YERUSHALAYIM - Already on the third day of the Six Day War in 1967, Israeli officials were expressing concern over how they would be able to rule over the then 650,000 Arabs in Yehudah and Shomron, which the IDF was already well on its way to liberating. The protocols of a secret government meeting on the third day of the war show that the questions that are on today’s agenda were already recognized and acknowledged even before the war was over. And the responses, the protocols show, are also similar, although at least one solution – the mass migration of Arabs to Canada – is now off the agenda.
The protocols of that meeting, as well as other heretofore secret protocols, have been released by the IDF in honor of the 50th anniversary of the Six Day War. The discussions surrounded the same solutions proposed by various political factions today – sovereignty and absorption of all of Yehudah and Shomron, autonomy and an independent Palestinian state. The meeting included representatives of all the major parties, including the right-wing Cherut faction, headed by Menachem Begin, who joined an emergency national unity government in the days before the war broke out in mid-May 1967. One decision that all agreed to at that meeting was the reunification of Yerushalayim, a decision that was approved unanimously.
About other issues, there was considerable disagreement. The protocols show then-Prime Minister Levi Eshkol saying that regardless of the circumstances, Israel could not grant citizenship to Arabs in the liberated areas. “No matter what, they cannot be given the right to vote for Knesset representation,” Eshkol said, according to the protocols, as there would be 1.2 million Arabs with the right to vote (when Israeli Arabs were counted in that figure), compared to the 3 million Jews in Israel at the time. Among the solutions, he told Cabinet members, was the possibility of setting up a military government that would administer the daily lives of residents, or doing so in cooperation with Jordan, which would supply civil services.
Begin said that there was no reason not to declare sovereignty over the entire area. “All of Western Eretz Yisrael belongs to us. We were attacked. Where have we ever seen that the victor in a defensive war that was forced to shed its blood should surrender? Which armies will they send to oppose such a move? We have already beaten them all. Why is there this rush to give it back to [then-Jordanian ruler King] Hussein?” He also opposed setting up a Palestinian state, which he said would be a “disaster.”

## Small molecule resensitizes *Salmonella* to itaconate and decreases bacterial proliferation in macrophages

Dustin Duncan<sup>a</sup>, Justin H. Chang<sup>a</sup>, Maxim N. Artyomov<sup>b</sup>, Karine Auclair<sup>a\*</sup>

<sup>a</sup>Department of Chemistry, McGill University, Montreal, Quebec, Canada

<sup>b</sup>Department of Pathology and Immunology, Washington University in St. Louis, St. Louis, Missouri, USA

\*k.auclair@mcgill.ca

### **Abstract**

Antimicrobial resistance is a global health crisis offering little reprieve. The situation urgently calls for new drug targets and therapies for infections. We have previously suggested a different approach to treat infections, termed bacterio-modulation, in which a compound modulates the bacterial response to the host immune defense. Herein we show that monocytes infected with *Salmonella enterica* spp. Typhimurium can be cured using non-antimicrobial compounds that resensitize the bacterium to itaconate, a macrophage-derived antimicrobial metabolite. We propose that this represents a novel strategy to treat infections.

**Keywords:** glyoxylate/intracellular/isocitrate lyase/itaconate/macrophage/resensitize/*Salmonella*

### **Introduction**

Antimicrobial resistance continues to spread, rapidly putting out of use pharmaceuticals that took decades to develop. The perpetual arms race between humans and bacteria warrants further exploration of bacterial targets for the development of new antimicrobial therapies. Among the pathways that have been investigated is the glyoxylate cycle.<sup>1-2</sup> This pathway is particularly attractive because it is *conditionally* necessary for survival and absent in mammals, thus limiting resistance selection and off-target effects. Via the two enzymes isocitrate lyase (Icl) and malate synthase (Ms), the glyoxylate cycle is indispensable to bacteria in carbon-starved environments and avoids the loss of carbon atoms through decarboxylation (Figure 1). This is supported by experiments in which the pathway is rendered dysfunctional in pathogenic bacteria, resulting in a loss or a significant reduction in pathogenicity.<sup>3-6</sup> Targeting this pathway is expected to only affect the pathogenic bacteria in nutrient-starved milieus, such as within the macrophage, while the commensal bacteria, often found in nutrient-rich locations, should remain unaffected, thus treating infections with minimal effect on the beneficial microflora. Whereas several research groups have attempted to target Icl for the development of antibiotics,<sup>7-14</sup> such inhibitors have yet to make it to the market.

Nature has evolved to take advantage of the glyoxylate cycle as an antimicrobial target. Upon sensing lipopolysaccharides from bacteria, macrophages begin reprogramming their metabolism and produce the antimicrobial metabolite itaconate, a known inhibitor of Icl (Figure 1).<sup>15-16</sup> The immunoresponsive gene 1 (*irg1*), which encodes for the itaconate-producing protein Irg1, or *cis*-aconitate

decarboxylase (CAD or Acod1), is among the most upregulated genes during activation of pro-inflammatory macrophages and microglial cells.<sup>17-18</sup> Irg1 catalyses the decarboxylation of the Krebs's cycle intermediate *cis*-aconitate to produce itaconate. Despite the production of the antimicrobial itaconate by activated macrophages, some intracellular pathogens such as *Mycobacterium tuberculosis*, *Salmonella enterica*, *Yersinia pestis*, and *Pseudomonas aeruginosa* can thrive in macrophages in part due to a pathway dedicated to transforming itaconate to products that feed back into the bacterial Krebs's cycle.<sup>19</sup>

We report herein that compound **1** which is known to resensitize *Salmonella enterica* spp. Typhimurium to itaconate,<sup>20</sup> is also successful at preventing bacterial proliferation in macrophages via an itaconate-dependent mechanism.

Begin said that the best solution was to treat them like immigrants. “The Palestinians should receive the status of residents, but not citizenship. After seven years, some of them could be made citizens. During that time, we can take steps to ensure that we remain the majority, to bring new immigrants from Russia, and encourage people to have children,” Begin said.
One solution that was discussed was the massive migration of Palestinians to Canada, and was broached by Eshkol at the meeting. Eshkol said that the government of Canada had made the offer in the days after the war, and Eshkol said that “voluntary emigration would be a good solution as well.” It is not clear if anyone followed up on the offer.
IDF officials also attended the meeting, with then-IDF Chief of Staff Yitzchak Rabin describing the fighting in Yehudah and Shomron. “We intentionally left routes open and did not blow up the Allenby Bridge in order to give whoever wanted to an opportunity to run away,” Rabin said. “We also wanted to ensure that there was a ‘release valve,’ in order to avoid heavier fighting in the region.” By the third day of the war, the IDF had already taken Gush Etzion, and were at the gates of Chevron. “The Arab Legion has run away, and there is no resistance from the locals, but we know that the chief families of Chevron are staying put and they are planning to cooperate. In other cities, like Jenin, Shechem and Ramallah, we anticipate that soldiers and residents will leave.”